What’s going on in African insurtech?

 Gus Mallett photo
Gus Mallett Content Writer
3min read

Africa is the second biggest continent in the world with a population of 1.3 billion. It makes up 20% of the Earth’s total land surface. It comprises 54 countries and its people speak between 1500-2000 languages. Not each, obviously.

You’d be forgiven for thinking that a continent that big had a pretty thriving insurance industry. But the penetration rate sits way below the global average - just 2.8% in 2019.

Let’s take a look at why numbers are so low and what the future has in store.

What’s the landscape like?

Largely underinsured. There are a few exceptions to the rule - countries like Mauritius, South Africa and Zimbabwe boast rates above 8%. South Africa leads the way with 16%. But the picture is pretty much the same everywhere else. In some countries, it even falls below 1%.

Penetration in Kenya is a lowly 2.3%. The most popular product on the market is motor insurance - a legal requirement. Next is health insurance. As a country steeped in poverty, access is limited. A staggering 35.5% of Kenyans live below the poverty line.

There has been a slight increase in uptake recently. Incurable conditions such as cancer, diabetes and high blood pressure are becoming more widespread among the country’s poorest civilians. And Covid is giving added incentive for people to insure themselves and their families. But progress continues at a snail’s pace.

Why’s uptake so low?

For a variety of reasons. For starters, insurance products just aren’t on everyone’s radar. Added to which there’s a lack of services aimed at specific markets and a general uncertainty about the benefits of insurance.

insurance products just aren’t on everyone’s radar.

There hasn’t really been the massive digital buzz everyone was expecting. You know the one I’m talking about. The surge of excitement when financial services companies start digitising their offerings. Shiny new apps! Paperless correspondence! Well, Head of Digital at Resolution Insurance Kenya Francis Ngari has ‘not recorded an increase in the number of people buying insurance’ in the last year. Kinda pours cold water on the whole ‘great opportunity’ argument.

Another problem is that 70% of GDP in the continent comes from South Africa, which completely skews the market picture. Elsewhere there’s the problem of distribution and accessibility. Despite massive urbanisation over the last 60 years, nearly 60% of Sub-Saharan Africa comprises rural areas.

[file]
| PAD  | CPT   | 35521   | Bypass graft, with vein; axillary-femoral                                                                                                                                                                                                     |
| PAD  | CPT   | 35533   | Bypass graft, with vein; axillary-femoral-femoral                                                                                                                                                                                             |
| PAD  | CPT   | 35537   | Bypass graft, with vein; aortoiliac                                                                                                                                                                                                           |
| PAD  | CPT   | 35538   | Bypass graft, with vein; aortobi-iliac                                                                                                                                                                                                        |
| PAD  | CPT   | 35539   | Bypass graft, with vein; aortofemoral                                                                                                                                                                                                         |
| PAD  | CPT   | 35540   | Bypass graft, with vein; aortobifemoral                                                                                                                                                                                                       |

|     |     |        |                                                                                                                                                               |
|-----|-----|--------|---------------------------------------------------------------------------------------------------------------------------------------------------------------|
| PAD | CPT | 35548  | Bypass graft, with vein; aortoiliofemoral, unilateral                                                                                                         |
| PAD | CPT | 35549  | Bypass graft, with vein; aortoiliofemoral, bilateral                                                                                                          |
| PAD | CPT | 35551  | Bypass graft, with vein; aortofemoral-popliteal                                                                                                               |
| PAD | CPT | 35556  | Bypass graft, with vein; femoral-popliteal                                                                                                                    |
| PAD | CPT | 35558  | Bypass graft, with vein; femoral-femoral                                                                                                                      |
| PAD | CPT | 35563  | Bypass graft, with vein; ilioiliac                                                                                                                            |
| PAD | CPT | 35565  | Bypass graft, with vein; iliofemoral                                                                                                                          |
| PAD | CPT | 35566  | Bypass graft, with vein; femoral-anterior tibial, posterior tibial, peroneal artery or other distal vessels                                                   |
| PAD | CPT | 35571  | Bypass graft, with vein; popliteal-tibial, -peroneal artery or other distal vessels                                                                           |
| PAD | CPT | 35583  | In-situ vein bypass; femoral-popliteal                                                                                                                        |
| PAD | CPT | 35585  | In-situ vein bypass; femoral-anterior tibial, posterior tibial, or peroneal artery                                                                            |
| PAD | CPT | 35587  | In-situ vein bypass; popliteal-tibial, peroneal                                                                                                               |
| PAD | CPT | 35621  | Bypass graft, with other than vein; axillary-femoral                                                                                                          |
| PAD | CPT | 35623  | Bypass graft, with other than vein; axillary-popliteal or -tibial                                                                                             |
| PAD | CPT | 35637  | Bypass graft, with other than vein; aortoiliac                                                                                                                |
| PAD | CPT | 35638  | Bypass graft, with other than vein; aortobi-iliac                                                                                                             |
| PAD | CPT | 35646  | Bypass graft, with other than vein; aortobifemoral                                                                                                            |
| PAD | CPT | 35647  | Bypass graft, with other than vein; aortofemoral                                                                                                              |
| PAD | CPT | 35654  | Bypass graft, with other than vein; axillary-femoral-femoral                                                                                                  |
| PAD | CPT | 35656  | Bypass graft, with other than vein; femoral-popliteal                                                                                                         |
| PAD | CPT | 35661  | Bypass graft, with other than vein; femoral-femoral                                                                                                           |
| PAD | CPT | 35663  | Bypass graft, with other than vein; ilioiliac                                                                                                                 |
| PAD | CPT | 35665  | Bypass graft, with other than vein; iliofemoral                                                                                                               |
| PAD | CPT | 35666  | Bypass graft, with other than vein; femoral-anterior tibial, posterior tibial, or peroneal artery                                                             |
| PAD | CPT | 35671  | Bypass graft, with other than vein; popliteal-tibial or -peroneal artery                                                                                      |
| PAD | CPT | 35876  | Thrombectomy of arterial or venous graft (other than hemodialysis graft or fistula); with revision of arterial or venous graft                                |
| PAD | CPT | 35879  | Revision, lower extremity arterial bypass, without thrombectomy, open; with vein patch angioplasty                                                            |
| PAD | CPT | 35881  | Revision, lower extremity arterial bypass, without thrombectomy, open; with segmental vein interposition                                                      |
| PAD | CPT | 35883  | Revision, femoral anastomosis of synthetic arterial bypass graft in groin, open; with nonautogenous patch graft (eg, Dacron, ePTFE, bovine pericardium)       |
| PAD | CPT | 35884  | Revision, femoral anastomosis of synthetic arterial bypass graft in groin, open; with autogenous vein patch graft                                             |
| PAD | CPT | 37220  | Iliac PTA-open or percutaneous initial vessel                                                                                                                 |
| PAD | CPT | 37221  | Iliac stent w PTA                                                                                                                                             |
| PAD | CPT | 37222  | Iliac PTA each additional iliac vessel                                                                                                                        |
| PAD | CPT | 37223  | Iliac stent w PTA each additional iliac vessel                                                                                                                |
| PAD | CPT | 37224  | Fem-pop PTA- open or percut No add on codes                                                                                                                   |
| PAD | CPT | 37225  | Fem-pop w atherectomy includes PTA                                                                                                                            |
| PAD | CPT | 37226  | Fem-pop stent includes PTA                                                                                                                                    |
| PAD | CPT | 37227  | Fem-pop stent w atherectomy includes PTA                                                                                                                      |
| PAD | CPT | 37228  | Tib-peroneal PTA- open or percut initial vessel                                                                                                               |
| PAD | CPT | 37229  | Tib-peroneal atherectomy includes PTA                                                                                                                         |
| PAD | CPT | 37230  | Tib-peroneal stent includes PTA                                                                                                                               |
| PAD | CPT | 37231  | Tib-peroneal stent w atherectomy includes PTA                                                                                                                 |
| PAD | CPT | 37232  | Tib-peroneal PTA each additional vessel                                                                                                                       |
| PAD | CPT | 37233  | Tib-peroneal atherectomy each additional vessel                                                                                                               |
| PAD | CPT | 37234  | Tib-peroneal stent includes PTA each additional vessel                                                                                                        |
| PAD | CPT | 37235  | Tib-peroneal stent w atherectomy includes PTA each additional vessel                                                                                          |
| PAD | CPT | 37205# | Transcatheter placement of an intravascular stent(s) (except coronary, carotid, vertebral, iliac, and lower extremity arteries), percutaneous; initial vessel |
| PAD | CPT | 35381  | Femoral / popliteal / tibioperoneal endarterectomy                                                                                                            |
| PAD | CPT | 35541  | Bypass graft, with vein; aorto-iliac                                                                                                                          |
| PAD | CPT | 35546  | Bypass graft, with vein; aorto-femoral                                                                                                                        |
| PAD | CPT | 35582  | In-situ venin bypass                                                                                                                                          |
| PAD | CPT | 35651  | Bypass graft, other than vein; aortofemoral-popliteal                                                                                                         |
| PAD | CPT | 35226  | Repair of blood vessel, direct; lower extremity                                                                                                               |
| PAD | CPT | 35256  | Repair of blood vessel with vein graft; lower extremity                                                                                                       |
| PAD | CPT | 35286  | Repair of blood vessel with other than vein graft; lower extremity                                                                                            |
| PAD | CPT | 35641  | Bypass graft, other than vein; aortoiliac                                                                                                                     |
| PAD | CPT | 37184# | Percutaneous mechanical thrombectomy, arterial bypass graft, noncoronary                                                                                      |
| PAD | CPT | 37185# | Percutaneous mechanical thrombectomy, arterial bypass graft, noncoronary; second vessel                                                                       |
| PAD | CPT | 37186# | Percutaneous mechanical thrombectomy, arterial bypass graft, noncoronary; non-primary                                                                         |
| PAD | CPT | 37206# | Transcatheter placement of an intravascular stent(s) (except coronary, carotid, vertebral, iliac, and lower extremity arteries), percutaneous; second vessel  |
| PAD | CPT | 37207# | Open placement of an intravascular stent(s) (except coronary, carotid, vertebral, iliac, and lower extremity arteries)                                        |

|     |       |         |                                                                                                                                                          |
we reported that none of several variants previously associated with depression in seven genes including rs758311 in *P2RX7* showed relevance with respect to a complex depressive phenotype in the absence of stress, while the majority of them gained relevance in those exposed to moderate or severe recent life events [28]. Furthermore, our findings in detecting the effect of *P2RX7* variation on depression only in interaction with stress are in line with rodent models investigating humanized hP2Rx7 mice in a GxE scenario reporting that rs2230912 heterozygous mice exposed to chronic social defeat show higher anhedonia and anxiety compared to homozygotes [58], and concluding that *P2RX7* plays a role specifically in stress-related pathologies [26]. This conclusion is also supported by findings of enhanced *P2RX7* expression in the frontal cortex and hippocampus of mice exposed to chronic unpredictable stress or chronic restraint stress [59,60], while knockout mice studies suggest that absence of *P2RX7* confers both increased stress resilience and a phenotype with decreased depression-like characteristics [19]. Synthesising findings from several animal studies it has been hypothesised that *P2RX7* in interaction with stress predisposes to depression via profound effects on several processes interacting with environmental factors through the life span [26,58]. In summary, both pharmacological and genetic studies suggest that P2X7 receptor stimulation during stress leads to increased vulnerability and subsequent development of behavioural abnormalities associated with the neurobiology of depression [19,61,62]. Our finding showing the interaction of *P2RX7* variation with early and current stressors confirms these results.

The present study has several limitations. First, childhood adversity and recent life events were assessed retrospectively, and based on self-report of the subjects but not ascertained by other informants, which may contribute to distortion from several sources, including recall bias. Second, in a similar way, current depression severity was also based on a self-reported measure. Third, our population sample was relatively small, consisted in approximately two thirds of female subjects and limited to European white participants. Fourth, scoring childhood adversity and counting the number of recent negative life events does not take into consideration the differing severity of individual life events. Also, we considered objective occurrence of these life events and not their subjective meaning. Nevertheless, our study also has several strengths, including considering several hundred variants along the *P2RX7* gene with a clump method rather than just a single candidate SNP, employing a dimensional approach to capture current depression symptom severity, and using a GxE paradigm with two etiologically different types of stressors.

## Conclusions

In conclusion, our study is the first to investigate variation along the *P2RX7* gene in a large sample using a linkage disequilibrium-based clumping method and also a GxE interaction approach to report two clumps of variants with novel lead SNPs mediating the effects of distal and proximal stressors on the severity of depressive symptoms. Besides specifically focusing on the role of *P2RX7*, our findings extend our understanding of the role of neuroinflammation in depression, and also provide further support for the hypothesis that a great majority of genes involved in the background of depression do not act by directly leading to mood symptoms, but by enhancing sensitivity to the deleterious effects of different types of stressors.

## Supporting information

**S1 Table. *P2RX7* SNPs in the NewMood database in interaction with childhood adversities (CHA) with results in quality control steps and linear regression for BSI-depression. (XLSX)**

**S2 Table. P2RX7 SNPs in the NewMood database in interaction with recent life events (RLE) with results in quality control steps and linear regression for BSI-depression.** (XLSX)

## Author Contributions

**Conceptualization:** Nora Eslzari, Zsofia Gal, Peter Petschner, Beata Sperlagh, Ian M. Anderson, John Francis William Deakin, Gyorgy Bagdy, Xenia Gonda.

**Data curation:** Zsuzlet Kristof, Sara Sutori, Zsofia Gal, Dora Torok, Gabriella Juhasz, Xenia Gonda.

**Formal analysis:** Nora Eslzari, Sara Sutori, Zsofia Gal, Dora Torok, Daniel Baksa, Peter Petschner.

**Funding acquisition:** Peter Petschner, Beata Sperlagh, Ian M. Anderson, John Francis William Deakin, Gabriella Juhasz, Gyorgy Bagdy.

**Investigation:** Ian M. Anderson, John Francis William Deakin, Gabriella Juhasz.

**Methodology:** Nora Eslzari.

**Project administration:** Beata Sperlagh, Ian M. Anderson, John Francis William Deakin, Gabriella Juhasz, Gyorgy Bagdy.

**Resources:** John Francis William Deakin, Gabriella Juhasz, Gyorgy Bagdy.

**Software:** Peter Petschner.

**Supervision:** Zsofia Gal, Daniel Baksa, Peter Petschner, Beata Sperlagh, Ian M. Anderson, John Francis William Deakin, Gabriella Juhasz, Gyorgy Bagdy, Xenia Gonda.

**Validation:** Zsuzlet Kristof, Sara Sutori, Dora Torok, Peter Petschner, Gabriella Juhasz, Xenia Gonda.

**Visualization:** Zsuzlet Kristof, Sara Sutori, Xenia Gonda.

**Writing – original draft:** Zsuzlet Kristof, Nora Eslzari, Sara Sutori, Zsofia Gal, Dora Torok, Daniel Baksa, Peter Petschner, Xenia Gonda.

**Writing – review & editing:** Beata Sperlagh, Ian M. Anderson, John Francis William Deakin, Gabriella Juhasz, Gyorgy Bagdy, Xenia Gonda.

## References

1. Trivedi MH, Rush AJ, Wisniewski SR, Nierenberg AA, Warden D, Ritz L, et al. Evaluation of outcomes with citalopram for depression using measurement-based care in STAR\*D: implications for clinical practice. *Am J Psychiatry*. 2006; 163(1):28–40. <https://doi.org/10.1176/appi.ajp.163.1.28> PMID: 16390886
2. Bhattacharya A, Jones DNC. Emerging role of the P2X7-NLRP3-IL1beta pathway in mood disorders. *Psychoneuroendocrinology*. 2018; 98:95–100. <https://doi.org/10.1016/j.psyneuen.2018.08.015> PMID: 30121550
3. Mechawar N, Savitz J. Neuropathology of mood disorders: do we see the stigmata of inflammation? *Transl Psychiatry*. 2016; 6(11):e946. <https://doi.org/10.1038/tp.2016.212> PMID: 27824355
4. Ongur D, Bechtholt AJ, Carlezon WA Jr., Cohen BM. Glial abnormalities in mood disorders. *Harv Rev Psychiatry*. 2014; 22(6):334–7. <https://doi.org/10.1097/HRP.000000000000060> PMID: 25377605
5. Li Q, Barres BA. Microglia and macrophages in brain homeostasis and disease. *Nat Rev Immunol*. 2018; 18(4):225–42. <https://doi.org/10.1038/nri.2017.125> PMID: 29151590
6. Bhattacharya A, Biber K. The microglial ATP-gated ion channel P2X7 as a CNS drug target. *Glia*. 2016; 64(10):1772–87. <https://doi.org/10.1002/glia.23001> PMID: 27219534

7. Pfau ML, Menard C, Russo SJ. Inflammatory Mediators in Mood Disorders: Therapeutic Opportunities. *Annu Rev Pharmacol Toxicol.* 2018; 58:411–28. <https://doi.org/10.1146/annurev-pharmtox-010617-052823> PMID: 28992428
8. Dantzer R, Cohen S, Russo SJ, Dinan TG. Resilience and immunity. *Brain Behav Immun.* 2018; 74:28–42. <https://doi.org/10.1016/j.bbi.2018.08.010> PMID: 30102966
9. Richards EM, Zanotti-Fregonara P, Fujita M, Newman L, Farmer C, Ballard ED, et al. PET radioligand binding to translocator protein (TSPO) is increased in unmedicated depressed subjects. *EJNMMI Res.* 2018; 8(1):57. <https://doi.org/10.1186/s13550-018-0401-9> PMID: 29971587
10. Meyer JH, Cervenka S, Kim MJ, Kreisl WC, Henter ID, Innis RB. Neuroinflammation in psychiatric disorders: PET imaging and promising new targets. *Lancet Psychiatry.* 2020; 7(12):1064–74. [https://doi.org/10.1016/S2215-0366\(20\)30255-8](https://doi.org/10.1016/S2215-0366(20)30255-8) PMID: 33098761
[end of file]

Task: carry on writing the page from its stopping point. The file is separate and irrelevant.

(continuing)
What’s in store?

That said, there’s definitely a lot of promise on the horizon. Flutterwave, Wave and Kuda have put African fintech squarely on the map with some mighty funding rounds in recent memory. There’s a real appetite for innovation in the FS space.

That said, there’s definitely a lot of promise on the horizon.

The Dawn of the Age of Embedded Insurance offers some additional glimmers of hope. It’s a dead-cert way to address insurance companies’ historical, um, baggage. And it makes the consumer’s life a lot easier. From allowing customers to quickly protect their product to cutting out a lot of - ugh! - paperwork, embedded insurance is a milestone for the industry. Everybody’s a winner.

Bima is a mobile platform providing life and health insurance policies alongside telemedicine. Raising $30 million in funding last year, the startup is active in Tanzania, Ghana and Senegal.

And Safaricom, aka Kenya’s largest telco, is gingerly making a move into the space with a home insurance product protecting electronics and furniture. Whether it pans out is another matter. But when the big players start getting involved, you know it’s time to sit up and listen.

That’s all, folks!

And there it is. A toe dipped into the reservoir of African insurtech. The space is on the cusp of taking off and there’s a lot to keep an eye out for. If you fancy a deeper dive, check out our Insurtech Insider podcast. We’ve got heaps of great content to share. Would you believe it - we’ve even got an episode on insurtech in Africa. Check it out here.

 Gus Mallett
About the author

Gus Mallett

Gus is our content writer in the marketing team, responsible for editing and writing a range of internal and external content.

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